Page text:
Horses are part of an ever growing industry, with over 600,000 horses in the UK, 1.4 million riders and 5 million people with an active interest in the equine industry*. Most people acquire a horse out of choice, so if you make this decision you should think carefully before going ahead. A horse needs lots of love and care, including regular worming, vaccinations and dental care. Owning a horse is time consuming and can be costly; not only will you will need to consider where you will keep your horse, you must also consider the ongoing costs of owning a horse which include accommodation, bedding, feed and healthcare.

In the unlikely event that your horse goes missing it is going to be very difficult for anyone to know who it belongs to, unless your horse carries some form of permanent identification. It is wise to get your horse microchipped or freezemarked, this will avoid heartache in the long run, should your horse go missing or is stolen.

Horses are herd animals, and thrive on being together with other horses. Don’t forget that your horse will need somewhere to graze, a stable for warmth in the winter time, a constant supply of water, feeding daily and regular exercise. It can cost hundreds of pounds a month to care for a horse, including accommodation, food, veterinary care and insurance; there will be other costs, including buying tack and rugs and extra livery charges when you go on holiday.

Horses can live into their thirties, over this time your horse will need lots of care and attention. Being able to provide all of this will ensure you and your horse make the most of your time together.

* Research conducted in 2004 by the Henley Centre for DEFRA and the British Horse Industry Confederation.

Equine herpesvirus - EHV

Horses can suffer from a number of viral diseases, EHV is just one of many. If you are considering breeding your horse, you should be aware of this disease and how it can affect breeding status as well and your horse's general health and well-being. EHV is the most commonly diagnosed cause of infectious abortion in pregnant mares.

What is Equine Herpesvirus?

Equine Herpesvirus (EHV) is a highly infectious viral disease that can affect any horse at any time and may recur after just a few months.

EHV is widely acknowledged as a major cause of respiratory disease and is the most commonly diagnosed cause of infectious abortion in pregnant mares, it can also cause paralysis.

How is EHV spread?

EHV is spread from horse to horse, mainly through the infective virus being coughed into the air and inhaled by other horses close by. Once infected with EHV, horses become carriers of the disease. Although they may show no symptoms themselves, they can intermittently shed the virus and infect other horses in the area. Excitement or stress can often cause shedding - horses travelling to events/competitions are particularly at risk.

EHV occurs throughout the UK.

How will I know if my horse EHV?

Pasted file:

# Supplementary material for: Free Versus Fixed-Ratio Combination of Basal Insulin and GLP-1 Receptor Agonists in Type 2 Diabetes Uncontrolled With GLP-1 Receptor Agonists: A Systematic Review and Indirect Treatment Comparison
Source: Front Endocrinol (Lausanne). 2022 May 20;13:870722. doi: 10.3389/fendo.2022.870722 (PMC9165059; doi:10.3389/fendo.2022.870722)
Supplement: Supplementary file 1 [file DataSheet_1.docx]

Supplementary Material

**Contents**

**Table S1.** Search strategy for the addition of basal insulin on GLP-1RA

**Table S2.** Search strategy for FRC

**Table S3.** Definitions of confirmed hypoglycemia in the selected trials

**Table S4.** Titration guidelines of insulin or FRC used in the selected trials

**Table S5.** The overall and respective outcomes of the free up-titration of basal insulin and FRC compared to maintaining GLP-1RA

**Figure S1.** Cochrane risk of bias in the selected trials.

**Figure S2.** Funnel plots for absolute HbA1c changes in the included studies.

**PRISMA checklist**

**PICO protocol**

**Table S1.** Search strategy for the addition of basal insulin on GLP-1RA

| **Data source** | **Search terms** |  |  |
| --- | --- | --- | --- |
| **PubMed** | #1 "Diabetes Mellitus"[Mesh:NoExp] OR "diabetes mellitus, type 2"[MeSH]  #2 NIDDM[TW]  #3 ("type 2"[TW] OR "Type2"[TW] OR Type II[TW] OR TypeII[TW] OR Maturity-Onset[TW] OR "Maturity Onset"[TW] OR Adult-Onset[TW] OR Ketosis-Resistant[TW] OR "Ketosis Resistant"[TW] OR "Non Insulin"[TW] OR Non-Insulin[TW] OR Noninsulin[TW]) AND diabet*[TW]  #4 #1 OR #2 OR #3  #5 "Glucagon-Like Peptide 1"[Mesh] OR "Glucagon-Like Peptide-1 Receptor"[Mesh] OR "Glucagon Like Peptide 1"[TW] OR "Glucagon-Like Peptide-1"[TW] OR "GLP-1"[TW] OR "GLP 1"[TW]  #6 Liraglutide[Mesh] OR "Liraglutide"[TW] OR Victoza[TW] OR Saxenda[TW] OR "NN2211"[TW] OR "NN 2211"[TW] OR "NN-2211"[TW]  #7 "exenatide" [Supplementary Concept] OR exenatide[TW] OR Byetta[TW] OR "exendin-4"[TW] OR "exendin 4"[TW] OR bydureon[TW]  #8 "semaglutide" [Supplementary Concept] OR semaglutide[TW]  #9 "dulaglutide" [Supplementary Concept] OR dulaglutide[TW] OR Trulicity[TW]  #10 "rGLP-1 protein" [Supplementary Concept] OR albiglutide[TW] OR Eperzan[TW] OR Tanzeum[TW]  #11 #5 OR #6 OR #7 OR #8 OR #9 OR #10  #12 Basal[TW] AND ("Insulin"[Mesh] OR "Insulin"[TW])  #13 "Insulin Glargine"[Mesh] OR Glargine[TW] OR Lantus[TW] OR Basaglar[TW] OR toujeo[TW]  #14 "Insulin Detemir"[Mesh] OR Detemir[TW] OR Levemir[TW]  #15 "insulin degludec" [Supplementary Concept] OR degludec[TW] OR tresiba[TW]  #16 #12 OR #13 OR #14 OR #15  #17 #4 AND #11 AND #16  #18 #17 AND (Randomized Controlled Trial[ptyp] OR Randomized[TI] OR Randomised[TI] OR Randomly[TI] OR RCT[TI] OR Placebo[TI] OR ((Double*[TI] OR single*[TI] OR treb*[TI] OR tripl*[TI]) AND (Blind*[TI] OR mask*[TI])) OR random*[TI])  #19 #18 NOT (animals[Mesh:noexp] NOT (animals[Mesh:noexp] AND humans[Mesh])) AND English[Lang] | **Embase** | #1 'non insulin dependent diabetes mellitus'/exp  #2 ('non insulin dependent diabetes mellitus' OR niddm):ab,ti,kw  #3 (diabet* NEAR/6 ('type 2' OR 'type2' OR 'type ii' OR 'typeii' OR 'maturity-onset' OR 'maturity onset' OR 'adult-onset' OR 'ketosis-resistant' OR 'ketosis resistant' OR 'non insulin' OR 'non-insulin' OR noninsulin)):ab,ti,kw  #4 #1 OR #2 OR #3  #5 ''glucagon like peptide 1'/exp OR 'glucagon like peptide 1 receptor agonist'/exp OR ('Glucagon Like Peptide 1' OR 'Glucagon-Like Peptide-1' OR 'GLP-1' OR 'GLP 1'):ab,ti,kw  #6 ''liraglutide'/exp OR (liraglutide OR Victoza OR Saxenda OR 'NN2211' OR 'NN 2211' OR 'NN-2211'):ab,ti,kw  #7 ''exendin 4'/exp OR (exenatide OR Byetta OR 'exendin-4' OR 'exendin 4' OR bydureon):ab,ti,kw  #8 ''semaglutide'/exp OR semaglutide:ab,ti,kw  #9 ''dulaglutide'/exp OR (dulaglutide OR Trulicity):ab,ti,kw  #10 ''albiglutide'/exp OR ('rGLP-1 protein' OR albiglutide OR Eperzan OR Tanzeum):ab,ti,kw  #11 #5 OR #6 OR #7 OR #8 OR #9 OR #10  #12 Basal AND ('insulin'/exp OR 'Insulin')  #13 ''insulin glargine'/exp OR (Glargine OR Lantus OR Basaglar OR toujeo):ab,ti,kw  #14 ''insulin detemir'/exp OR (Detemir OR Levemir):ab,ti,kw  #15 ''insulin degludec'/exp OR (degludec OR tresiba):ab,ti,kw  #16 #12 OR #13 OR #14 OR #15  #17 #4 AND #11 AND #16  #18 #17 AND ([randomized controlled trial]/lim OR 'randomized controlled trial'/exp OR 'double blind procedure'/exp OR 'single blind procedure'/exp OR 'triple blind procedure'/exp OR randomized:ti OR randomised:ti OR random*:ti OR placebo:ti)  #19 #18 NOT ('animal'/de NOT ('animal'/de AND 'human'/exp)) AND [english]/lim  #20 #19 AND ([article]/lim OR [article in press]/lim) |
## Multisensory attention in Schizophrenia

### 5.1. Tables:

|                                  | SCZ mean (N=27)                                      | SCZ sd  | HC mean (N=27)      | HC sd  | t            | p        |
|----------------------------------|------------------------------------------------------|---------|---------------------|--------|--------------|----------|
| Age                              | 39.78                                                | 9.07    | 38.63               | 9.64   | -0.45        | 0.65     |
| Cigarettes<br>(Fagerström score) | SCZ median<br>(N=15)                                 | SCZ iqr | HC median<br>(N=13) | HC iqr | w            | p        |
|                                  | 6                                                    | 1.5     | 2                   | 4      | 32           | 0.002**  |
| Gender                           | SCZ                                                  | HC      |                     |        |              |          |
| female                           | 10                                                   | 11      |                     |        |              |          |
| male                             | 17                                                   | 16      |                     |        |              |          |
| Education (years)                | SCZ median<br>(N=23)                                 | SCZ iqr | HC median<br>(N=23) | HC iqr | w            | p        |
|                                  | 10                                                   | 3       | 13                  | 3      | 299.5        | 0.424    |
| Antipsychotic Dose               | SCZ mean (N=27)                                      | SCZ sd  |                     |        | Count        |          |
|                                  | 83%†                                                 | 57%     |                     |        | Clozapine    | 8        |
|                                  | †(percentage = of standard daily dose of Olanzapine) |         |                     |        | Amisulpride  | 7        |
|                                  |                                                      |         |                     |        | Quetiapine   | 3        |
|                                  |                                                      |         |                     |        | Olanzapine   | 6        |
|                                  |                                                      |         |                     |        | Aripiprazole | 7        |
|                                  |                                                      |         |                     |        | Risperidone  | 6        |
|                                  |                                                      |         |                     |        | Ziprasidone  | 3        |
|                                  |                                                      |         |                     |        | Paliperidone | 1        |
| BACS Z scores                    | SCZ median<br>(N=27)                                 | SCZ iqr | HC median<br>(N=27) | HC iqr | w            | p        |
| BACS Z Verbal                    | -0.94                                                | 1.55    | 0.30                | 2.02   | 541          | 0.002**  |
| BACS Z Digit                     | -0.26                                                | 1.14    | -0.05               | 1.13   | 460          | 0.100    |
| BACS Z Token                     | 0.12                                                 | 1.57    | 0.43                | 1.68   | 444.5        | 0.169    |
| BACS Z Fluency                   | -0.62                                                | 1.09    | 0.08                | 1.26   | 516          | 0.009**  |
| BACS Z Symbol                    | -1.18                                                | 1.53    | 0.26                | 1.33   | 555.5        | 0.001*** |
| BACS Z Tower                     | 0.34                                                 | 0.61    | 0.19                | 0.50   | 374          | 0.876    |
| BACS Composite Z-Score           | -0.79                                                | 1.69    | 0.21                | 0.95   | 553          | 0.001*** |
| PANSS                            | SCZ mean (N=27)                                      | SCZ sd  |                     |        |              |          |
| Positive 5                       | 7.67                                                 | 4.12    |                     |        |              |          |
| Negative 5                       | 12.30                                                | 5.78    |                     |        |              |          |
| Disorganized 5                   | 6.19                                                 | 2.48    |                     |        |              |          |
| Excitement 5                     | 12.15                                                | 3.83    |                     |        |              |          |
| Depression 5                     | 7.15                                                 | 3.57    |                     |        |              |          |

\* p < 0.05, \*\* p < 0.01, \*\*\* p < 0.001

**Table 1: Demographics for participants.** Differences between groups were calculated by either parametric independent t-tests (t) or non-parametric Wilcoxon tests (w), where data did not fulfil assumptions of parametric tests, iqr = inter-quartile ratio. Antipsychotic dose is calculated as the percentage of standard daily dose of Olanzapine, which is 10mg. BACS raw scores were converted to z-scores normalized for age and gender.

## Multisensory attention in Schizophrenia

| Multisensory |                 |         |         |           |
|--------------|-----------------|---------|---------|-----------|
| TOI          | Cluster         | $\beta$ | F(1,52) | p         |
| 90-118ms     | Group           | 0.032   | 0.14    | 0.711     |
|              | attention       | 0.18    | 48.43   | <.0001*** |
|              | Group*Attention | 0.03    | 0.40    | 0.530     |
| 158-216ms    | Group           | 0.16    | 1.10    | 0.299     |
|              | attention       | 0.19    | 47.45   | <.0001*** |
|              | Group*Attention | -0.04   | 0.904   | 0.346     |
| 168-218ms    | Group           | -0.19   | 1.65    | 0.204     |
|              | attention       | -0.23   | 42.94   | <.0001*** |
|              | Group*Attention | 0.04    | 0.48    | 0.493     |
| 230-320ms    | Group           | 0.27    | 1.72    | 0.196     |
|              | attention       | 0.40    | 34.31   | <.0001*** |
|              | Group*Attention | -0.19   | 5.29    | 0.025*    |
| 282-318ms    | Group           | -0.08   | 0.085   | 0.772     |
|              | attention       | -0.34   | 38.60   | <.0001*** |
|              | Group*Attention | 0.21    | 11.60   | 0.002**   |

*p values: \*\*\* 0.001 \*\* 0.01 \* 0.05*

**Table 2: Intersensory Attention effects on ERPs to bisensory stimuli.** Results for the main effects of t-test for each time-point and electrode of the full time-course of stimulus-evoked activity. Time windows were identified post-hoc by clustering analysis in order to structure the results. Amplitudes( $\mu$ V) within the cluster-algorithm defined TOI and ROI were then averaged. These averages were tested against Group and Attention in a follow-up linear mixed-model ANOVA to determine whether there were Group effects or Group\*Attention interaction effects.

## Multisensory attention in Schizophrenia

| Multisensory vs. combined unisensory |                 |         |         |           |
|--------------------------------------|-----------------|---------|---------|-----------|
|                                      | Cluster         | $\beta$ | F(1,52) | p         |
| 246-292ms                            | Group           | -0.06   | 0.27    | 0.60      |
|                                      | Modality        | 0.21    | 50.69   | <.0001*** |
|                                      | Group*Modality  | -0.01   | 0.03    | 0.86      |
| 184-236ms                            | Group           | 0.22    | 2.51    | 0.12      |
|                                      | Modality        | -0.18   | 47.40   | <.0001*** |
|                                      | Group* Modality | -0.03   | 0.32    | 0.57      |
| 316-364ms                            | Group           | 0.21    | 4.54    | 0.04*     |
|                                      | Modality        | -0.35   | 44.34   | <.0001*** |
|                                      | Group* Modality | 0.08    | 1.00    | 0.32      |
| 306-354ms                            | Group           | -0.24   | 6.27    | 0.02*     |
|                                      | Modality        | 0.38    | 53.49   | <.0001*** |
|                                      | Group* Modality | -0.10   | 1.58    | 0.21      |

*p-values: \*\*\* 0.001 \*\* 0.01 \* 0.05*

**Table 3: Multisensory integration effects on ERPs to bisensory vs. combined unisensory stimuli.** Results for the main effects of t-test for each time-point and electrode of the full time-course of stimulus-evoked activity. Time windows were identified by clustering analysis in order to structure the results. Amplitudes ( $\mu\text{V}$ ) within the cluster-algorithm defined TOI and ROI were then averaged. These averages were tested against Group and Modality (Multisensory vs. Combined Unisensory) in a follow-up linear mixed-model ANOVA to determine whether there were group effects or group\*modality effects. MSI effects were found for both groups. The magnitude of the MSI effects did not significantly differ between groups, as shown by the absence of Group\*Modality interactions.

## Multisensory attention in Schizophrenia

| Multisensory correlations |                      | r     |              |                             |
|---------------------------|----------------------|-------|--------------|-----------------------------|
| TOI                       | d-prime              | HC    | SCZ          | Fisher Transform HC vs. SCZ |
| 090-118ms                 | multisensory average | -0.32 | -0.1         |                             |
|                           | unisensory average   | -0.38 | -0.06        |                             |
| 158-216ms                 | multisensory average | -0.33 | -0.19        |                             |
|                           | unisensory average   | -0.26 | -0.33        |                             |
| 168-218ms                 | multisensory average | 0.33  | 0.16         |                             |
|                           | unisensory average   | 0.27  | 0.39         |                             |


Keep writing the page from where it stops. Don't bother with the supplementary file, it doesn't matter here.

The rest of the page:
As with many other viral conditions, the first sign is usually a fever, where the temperature can rise as high as 41°C/106°F. Other signs include:

  • A dry cough - often less harsh than that seen with 'flu'
  • Depression/lethargy
  • Nasal discharge - watery to thick
  • Ocular discharge
  • Swelling and hardening of the sub-mandibular lymph nodes (under the jaw)

If you notice any of these signs and think your horse may be infected with EHV call your vet immediately. Not all of these signs are caused by EHV, therefore your vet may need to take blood samples and swabs to establish the exact cause of illness.

Your horse may develop viral pneumonia, which can be fatal for foals. Secondary infections with bacteria may occur leading to bronchopneumonia.

EHV can also causes abortion of unborn foals, this usually occurs in the last half of pregnancy and the foal is usually born dead. Foals infected in the womb, and born alive, usually die shortly after birth.

What will happen if my horse is infected with EHV?

Your horse will be ill for some weeks before it is fit enough to resume a normal exercise regime.

Unfortunately, natural infection does not stimulate much immunity against re-infection, therefore your horse may become infected again after just a few months. Once infected, many horses become carriers which means they will shed the virus, infecting other in-contact horses.

EHV also causes immunosuppression, which means your horse's ability to fight off infection will be reduced, which may lead to infections with other viruses and bacteria causing further suffering and loss of use.

How can I prevent my horse from contracting EHV?

Your horse can be vaccinated against EHV, which will help prevent disease and reduce the amount of virus shed to in-contact horses. Vaccination against EHV usually starts from 5 months of age, with two vaccinations given 4-6 weeks apart, and then regular boosters every 6 months.

Your vet will be able to explain further the vaccination programmes available to help in the prevention of the respiratory forms of the disease and to aid in reducing the risk of abortion cause by EHV infection.

Vaccination alone is not enough to prevent infection, management also pays a major role in preventing and controlling the disease, ie good stable management (hygiene), prevention of over-crowding, avoiding stress and isolation.

Contact your vet for further advice.